Tag Archives: shibori

When Shibori and Batik Love Each Other Very Very Much . . .

Remember this chair that I scored off Craigslist this spring? She’s a beaut, but seriously in need of a new ensemble.

chair cushions

You might remember that for the short term I took off the back cushion and covered the seat cushion with a wool blanket.  But with sub-freezing temps all of a sudden I kind of want my blanket back, so I thought I would try to make some new clothes for this guy.

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The blanket I was using is a white and grey plaid, and I liked the look of the pattern in my living room.  I thought I would try to replicate it with a simple accordion fold shibori technique (you can read my shibori tutorial here).

I had some yardage of really nice heavyweight hemp fabric left over from a previous project, so I folded it up and dyed it with the indigo I had left over from my first attempt at shibori.

I don’t know if it’s because I was using a larger piece of fabric, or something about the fabric itself, but it didn’t turn out the way I’d hoped.

Red House West||Shibori Batik

The dye bled unevenly, some creases didn’t get any dye and others got too much.  It was just a mess.  Luckily I wasn’t totally wedded to the idea of shibori on this chair, so I wasn’t too disappointed.  I decided to see what would happen if I did a little batik on top of the shibori mess.

I had read that Elmer’s blue gel glue works as an alternative to wax for batiking, so I grabbed some out of Opal’s craft supplies.  I was still stuck on the idea of plaid, so using the glue I drew lines diagonal to the shibori pattern, and then another set of lines parallel to the shibori pattern.  I used the side of a cardboard box as a rough guide to help me draw relatively straight lines.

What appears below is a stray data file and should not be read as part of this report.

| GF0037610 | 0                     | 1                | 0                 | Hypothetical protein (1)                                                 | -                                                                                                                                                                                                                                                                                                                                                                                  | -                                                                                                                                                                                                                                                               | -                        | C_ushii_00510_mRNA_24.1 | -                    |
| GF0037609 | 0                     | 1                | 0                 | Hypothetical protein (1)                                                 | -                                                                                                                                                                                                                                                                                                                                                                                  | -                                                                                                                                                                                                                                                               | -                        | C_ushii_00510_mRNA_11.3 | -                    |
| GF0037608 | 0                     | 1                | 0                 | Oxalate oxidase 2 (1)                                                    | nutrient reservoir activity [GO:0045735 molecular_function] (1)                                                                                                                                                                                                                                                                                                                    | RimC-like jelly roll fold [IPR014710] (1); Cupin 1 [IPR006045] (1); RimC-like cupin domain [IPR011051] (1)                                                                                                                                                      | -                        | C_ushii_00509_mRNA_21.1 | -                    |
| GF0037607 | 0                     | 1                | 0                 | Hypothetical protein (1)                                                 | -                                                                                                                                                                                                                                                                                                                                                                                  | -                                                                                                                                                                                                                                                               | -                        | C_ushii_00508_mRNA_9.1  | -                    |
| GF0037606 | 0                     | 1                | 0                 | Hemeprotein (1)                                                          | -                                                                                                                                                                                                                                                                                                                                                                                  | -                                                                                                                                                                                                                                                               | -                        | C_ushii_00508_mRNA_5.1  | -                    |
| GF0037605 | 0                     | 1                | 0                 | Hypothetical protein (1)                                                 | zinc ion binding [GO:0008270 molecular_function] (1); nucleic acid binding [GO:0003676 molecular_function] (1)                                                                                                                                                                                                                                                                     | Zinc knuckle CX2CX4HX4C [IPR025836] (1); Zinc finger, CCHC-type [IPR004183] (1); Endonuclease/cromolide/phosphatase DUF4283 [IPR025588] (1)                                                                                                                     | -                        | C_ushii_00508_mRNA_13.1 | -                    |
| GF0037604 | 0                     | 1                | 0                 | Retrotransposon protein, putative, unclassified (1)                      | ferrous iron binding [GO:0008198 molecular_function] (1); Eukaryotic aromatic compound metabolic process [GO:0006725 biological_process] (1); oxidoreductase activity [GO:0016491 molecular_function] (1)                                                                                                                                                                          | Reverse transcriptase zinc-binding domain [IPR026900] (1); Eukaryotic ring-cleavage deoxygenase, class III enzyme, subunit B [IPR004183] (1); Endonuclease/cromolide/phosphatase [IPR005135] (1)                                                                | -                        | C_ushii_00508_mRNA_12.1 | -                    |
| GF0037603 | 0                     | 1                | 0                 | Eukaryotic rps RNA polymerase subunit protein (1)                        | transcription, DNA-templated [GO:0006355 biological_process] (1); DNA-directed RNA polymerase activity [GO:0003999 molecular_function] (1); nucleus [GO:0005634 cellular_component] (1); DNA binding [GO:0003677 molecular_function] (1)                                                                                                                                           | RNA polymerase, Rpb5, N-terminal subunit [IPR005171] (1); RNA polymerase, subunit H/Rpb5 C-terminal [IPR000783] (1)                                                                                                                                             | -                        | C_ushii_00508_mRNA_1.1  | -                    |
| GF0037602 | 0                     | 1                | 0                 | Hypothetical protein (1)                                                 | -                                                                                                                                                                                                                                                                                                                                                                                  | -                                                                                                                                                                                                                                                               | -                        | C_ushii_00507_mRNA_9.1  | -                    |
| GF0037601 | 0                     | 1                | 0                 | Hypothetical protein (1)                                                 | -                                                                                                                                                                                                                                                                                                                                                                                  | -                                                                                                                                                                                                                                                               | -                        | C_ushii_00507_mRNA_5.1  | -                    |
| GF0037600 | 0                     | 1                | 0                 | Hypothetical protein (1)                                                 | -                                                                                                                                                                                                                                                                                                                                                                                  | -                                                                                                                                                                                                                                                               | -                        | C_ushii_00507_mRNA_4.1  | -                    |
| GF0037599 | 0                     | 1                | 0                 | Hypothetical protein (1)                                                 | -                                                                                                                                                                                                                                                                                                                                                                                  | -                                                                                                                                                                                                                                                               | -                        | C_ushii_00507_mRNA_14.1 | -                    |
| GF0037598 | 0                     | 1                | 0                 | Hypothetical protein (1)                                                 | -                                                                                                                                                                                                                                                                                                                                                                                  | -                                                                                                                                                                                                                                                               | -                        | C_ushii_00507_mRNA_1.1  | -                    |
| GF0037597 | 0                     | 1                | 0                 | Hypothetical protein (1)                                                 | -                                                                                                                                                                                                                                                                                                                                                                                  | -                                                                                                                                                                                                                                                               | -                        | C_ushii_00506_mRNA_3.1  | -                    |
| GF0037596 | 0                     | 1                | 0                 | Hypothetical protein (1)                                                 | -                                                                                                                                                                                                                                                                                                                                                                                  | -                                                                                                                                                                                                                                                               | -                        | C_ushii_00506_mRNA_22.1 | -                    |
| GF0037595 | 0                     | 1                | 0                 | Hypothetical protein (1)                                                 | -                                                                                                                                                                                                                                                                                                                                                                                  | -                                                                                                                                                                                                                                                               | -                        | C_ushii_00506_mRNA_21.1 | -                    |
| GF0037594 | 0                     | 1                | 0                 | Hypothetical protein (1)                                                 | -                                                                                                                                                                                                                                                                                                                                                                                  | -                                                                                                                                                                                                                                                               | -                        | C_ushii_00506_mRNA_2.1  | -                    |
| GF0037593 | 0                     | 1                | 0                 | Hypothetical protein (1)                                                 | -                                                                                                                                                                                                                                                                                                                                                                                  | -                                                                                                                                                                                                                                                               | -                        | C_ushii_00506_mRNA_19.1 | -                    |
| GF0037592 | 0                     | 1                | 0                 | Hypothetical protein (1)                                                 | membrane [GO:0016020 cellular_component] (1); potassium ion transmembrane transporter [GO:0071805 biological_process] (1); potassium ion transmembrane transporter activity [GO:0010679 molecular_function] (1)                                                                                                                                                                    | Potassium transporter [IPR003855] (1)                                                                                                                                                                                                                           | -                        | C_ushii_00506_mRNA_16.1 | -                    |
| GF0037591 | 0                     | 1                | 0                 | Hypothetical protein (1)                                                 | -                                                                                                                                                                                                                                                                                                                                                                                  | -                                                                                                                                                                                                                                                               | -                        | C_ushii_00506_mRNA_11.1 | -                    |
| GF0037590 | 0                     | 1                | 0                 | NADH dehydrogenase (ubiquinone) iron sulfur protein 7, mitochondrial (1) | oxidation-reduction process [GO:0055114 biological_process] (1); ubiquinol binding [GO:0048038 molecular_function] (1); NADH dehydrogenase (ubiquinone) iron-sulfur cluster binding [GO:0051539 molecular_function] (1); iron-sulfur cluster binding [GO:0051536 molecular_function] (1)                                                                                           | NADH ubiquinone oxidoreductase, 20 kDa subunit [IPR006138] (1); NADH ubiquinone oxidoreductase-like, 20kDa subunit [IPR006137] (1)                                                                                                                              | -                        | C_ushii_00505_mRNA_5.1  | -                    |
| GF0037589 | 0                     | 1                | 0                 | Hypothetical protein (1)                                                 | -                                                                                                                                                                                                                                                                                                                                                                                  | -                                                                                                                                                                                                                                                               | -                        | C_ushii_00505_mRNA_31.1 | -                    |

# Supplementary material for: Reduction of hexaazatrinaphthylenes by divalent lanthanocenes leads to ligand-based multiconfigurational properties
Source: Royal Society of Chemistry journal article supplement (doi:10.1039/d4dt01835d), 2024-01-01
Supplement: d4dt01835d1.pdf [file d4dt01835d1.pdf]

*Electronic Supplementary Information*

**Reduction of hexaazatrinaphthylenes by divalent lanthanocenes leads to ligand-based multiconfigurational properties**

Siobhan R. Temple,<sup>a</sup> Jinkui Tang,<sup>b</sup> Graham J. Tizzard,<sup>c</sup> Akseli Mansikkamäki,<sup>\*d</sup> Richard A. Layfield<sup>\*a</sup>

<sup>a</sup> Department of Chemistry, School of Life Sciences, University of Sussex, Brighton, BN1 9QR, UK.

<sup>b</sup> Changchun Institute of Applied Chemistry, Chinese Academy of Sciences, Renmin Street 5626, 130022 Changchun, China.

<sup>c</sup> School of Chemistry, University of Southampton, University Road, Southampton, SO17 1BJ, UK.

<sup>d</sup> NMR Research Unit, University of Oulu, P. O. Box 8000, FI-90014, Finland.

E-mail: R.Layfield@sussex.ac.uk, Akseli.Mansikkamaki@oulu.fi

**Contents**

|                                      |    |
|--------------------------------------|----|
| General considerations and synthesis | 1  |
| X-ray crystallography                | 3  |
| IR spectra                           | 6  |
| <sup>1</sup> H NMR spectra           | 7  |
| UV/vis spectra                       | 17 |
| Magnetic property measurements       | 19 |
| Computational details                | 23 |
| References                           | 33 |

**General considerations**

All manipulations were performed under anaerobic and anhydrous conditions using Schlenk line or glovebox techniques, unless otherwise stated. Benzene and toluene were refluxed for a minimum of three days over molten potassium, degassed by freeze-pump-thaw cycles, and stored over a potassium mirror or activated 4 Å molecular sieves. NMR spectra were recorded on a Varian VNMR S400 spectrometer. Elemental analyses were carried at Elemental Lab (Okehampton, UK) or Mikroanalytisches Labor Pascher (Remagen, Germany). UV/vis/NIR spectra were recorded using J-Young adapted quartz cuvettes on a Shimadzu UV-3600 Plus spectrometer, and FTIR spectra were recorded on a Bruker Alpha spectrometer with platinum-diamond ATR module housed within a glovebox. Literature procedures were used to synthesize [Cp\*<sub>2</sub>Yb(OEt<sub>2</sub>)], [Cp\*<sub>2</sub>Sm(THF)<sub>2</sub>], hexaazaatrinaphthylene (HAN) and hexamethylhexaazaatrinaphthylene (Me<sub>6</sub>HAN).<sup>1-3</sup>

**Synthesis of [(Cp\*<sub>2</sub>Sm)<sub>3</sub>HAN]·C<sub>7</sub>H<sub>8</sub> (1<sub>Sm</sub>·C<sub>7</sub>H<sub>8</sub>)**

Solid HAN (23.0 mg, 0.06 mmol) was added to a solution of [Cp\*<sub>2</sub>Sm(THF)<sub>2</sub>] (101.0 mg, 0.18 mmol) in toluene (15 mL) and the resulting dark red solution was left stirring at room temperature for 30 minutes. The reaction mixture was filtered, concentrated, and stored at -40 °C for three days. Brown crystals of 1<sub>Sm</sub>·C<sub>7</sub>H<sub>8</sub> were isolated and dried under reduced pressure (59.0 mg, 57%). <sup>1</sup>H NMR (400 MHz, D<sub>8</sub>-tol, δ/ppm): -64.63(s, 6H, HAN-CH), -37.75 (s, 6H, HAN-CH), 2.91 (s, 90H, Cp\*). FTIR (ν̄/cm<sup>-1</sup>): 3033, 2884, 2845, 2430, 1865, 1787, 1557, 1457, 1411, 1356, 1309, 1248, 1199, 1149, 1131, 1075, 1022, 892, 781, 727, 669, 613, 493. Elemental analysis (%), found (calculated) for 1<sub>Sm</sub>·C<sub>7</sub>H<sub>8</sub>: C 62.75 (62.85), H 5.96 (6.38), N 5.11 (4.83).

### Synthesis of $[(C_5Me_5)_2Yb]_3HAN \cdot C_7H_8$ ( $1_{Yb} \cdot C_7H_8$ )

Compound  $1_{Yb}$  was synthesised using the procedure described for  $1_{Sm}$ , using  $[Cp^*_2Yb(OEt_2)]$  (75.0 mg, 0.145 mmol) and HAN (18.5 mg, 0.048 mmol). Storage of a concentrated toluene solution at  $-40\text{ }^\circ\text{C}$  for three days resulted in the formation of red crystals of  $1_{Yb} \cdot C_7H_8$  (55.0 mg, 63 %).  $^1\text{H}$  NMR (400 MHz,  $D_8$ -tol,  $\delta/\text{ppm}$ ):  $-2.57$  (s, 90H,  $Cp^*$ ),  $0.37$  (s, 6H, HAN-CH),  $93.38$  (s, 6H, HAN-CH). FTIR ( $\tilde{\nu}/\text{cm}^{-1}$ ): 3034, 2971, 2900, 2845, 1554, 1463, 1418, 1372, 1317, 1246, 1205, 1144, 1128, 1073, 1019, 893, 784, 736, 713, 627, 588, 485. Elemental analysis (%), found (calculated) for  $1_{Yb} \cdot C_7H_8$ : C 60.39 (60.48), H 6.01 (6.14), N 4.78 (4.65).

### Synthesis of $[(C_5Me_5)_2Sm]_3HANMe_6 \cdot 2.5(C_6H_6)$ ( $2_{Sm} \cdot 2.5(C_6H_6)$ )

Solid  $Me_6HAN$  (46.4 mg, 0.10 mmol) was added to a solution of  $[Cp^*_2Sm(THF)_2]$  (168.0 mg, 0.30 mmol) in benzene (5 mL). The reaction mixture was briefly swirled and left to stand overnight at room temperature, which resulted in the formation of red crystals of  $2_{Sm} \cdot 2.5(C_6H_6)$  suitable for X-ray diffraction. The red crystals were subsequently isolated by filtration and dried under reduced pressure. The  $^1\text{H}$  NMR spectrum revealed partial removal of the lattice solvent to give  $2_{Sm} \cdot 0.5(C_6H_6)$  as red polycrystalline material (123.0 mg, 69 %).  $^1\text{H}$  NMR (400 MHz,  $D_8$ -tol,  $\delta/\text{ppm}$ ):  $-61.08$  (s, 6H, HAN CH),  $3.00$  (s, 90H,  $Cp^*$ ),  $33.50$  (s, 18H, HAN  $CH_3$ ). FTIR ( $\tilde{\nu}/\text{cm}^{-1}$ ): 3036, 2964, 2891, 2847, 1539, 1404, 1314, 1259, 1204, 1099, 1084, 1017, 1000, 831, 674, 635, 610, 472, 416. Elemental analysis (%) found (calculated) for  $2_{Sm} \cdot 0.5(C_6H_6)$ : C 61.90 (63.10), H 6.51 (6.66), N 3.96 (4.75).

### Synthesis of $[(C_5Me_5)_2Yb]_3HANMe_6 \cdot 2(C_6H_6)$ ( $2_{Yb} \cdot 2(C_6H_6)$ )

Red House West||Shibori Batik

I let the glue dry overnight, and then gave it a quick dunk in the indigo bath.  Wearing gloves, I swirled it around in the dye for about two minutes or so, and then laid it flat on top of a drop cloth to oxidize and dry.

Red House West||Shibori Batik

When the fabric first came out of the dye bath the glue lines where dark, almost black, and I wasn’t sure whether that was just the glue, or whether the fabric was actually going to be darker.  I liked the look of the dark lines, but when I rinsed the fabric (after letting it oxidize for about 10 minutes) the glue rolled right off and the fabric underneath was still pristine white.

After rinsing I let the fabric dry thoroughly.  It was sort of sticky all over from the glue, so I just tossed it in the washing machine and washed it in warm water.  It came out looking really great, not at all sticky, and the indigo didn’t bleed into the batik lines at all.

Red House West||Shibori Batik

Red House West||Shibori Batik

Actually, the non-batiked side of the fabric is pretty fetching too:

Red House West||Shibori Batik

I laid the fabric on the chair to get a sense of what it would be like.  I really like the pattern, but I’m not sure it’s quite right for this chair.

Some might say that there's something not quite right about that cat, but not me.  To me he's perfect.

Some might say that there’s something not quite right about that cat, but not me. To me he’s perfect.

Cromwell did his best to convince me that the fabric was perfect for the chair, but even his entreating gibbous eyes and sweet, loose-fleshed belly couldn’t convince me.

Red House West||Shibori Batik

Maybe it’s that my shibori-batik lacks any hint of the preppy gray and white plaid, or maybe it’s just that there’s too much going on.  I can’t quite put my finger on it, but despite the fact that this emperor chair still has no clothes I’m glad to have experimented with this batiking technique, and I’m sure I’ll make good use of this fabric in another project.  Cromwell suggests a down-stuffed, heated cat bed.

Thanks for reading along, stay tuned for Wednesday when Katie posts about creating a gallery wall!

 

DIY Shibori Lampshade